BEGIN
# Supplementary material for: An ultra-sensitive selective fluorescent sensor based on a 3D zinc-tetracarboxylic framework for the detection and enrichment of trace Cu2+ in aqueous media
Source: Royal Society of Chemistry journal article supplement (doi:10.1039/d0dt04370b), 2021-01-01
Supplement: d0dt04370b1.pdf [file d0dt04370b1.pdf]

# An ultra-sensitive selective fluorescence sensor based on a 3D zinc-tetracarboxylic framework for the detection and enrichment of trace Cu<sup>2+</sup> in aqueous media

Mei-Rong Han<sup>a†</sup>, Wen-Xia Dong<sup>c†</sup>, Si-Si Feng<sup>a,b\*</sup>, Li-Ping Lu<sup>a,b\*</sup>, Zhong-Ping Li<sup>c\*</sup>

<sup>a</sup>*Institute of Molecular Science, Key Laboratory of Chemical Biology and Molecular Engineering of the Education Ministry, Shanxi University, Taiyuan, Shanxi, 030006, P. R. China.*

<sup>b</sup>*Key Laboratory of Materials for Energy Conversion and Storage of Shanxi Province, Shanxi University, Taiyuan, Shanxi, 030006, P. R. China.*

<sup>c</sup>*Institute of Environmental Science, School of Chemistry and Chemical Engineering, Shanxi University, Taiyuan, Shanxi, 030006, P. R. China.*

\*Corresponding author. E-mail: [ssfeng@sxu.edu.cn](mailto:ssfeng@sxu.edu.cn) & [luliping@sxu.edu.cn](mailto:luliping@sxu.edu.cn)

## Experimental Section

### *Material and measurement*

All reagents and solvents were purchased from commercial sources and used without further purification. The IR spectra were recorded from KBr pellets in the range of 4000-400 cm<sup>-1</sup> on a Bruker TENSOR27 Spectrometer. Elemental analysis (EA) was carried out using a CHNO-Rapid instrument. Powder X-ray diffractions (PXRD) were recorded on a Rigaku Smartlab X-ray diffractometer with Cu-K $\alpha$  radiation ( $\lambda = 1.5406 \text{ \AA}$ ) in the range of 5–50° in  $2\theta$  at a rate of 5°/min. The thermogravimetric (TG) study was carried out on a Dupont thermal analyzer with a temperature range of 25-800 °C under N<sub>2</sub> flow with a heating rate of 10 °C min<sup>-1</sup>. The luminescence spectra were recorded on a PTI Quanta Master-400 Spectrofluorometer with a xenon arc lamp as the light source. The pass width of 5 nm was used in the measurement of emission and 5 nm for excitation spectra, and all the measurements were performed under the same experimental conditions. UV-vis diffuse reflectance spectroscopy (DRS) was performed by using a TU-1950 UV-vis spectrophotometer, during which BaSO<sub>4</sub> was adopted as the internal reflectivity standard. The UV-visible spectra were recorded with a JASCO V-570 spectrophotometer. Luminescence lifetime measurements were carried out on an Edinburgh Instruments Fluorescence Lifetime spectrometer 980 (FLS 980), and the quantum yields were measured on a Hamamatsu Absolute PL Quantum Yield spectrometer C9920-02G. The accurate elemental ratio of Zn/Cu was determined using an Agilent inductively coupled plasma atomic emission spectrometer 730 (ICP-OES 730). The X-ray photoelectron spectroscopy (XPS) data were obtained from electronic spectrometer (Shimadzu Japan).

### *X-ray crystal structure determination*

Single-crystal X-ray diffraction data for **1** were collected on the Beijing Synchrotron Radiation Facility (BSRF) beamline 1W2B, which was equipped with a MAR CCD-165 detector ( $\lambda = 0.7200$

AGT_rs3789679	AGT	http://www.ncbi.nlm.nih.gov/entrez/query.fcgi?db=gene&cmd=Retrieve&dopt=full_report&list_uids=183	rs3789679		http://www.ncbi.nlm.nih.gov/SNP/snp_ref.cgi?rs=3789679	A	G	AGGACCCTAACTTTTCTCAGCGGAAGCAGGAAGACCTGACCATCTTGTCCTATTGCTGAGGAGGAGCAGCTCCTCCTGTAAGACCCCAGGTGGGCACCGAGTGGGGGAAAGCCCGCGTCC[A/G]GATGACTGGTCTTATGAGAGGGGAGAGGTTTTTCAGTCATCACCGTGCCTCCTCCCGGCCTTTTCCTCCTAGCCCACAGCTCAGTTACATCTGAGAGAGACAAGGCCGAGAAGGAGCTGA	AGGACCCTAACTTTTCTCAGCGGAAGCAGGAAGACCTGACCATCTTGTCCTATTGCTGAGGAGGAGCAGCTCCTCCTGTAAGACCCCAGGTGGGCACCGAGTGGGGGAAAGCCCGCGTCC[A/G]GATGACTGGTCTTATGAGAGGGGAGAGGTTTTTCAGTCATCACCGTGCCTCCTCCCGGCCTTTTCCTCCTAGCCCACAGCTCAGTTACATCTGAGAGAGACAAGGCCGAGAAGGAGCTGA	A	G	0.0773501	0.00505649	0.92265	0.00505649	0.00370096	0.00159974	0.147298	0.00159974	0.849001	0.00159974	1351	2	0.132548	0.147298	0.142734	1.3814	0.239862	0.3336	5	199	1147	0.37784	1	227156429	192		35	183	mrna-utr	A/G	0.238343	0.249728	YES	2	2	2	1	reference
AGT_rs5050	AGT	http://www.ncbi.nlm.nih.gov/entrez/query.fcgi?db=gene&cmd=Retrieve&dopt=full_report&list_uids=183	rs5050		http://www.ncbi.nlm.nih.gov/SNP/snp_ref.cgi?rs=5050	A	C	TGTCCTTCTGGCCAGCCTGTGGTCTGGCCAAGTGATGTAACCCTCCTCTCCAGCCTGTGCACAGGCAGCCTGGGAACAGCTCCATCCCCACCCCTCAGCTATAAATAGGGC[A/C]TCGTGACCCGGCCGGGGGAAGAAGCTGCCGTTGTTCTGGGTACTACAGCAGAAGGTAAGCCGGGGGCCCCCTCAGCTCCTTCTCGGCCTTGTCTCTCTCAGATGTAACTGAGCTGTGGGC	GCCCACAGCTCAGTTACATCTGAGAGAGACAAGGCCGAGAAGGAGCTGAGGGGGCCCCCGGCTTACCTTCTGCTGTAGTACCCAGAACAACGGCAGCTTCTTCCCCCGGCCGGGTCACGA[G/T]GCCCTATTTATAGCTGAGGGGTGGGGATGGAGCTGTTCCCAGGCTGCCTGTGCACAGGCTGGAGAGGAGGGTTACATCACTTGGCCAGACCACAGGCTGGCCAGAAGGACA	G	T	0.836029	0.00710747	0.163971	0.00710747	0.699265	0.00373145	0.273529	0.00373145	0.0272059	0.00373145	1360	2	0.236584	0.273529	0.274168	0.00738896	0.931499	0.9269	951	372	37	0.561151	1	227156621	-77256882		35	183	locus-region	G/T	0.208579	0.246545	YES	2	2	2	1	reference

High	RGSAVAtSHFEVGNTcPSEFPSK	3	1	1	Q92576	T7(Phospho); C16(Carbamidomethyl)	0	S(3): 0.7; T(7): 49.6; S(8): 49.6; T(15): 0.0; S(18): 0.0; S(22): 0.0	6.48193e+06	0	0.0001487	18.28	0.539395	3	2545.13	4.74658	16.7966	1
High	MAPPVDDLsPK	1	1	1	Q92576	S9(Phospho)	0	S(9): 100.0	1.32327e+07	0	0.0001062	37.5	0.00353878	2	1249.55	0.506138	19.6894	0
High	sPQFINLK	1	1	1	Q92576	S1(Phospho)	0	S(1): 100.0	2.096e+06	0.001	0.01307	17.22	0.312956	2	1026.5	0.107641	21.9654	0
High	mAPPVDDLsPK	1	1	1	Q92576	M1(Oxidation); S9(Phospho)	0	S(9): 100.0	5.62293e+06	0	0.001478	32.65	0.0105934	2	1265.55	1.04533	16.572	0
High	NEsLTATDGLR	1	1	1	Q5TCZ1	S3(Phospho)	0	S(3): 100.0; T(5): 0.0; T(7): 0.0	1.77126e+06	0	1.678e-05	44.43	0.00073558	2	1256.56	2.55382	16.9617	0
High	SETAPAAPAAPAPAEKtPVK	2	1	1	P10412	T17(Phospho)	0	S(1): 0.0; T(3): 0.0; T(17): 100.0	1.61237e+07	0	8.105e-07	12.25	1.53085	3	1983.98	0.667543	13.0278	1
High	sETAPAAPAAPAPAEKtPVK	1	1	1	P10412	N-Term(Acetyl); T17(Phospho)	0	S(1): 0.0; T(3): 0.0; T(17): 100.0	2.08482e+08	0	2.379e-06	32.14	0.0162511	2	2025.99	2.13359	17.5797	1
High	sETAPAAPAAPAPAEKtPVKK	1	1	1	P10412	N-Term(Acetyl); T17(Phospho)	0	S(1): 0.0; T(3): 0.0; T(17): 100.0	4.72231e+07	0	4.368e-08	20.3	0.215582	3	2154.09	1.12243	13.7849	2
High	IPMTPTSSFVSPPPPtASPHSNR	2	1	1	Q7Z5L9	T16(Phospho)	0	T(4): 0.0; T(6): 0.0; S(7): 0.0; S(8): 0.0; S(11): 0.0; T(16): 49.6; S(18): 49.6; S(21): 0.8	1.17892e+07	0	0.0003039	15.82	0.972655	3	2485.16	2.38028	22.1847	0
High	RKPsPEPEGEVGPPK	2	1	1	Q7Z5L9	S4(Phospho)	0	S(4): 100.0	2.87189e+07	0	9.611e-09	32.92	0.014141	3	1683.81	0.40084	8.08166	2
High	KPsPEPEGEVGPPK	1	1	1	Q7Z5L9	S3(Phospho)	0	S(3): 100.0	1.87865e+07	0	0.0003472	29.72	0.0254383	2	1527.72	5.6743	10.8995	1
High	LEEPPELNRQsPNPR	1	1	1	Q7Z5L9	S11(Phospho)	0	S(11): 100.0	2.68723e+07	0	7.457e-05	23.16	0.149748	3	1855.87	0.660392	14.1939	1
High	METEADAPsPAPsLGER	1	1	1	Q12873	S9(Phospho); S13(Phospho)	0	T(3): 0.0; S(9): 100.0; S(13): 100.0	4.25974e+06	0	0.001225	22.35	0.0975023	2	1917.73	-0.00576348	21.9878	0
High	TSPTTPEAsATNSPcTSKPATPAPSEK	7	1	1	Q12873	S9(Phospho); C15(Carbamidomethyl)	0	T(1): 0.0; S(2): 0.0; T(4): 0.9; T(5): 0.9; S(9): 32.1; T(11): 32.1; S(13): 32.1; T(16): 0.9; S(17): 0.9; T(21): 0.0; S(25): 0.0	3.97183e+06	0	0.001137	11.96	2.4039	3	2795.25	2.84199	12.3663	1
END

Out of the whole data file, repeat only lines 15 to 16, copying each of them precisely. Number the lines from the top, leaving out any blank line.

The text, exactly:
AGT_rs3789679	AGT	http://www.ncbi.nlm.nih.gov/entrez/query.fcgi?db=gene&cmd=Retrieve&dopt=full_report&list_uids=183	rs3789679		http://www.ncbi.nlm.nih.gov/SNP/snp_ref.cgi?rs=3789679	A	G	AGGACCCTAACTTTTCTCAGCGGAAGCAGGAAGACCTGACCATCTTGTCCTATTGCTGAGGAGGAGCAGCTCCTCCTGTAAGACCCCAGGTGGGCACCGAGTGGGGGAAAGCCCGCGTCC[A/G]GATGACTGGTCTTATGAGAGGGGAGAGGTTTTTCAGTCATCACCGTGCCTCCTCCCGGCCTTTTCCTCCTAGCCCACAGCTCAGTTACATCTGAGAGAGACAAGGCCGAGAAGGAGCTGA	AGGACCCTAACTTTTCTCAGCGGAAGCAGGAAGACCTGACCATCTTGTCCTATTGCTGAGGAGGAGCAGCTCCTCCTGTAAGACCCCAGGTGGGCACCGAGTGGGGGAAAGCCCGCGTCC[A/G]GATGACTGGTCTTATGAGAGGGGAGAGGTTTTTCAGTCATCACCGTGCCTCCTCCCGGCCTTTTCCTCCTAGCCCACAGCTCAGTTACATCTGAGAGAGACAAGGCCGAGAAGGAGCTGA	A	G	0.0773501	0.00505649	0.92265	0.00505649	0.00370096	0.00159974	0.147298	0.00159974	0.849001	0.00159974	1351	2	0.132548	0.147298	0.142734	1.3814	0.239862	0.3336	5	199	1147	0.37784	1	227156429	192		35	183	mrna-utr	A/G	0.238343	0.249728	YES	2	2	2	1	reference
AGT_rs5050	AGT	http://www.ncbi.nlm.nih.gov/entrez/query.fcgi?db=gene&cmd=Retrieve&dopt=full_report&list_uids=183	rs5050		http://www.ncbi.nlm.nih.gov/SNP/snp_ref.cgi?rs=5050	A	C	TGTCCTTCTGGCCAGCCTGTGGTCTGGCCAAGTGATGTAACCCTCCTCTCCAGCCTGTGCACAGGCAGCCTGGGAACAGCTCCATCCCCACCCCTCAGCTATAAATAGGGC[A/C]TCGTGACCCGGCCGGGGGAAGAAGCTGCCGTTGTTCTGGGTACTACAGCAGAAGGTAAGCCGGGGGCCCCCTCAGCTCCTTCTCGGCCTTGTCTCTCTCAGATGTAACTGAGCTGTGGGC	GCCCACAGCTCAGTTACATCTGAGAGAGACAAGGCCGAGAAGGAGCTGAGGGGGCCCCCGGCTTACCTTCTGCTGTAGTACCCAGAACAACGGCAGCTTCTTCCCCCGGCCGGGTCACGA[G/T]GCCCTATTTATAGCTGAGGGGTGGGGATGGAGCTGTTCCCAGGCTGCCTGTGCACAGGCTGGAGAGGAGGGTTACATCACTTGGCCAGACCACAGGCTGGCCAGAAGGACA	G	T	0.836029	0.00710747	0.163971	0.00710747	0.699265	0.00373145	0.273529	0.00373145	0.0272059	0.00373145	1360	2	0.236584	0.273529	0.274168	0.00738896	0.931499	0.9269	951	372	37	0.561151	1	227156621	-77256882		35	183	locus-region	G/T	0.208579	0.246545	YES	2	2	2	1	reference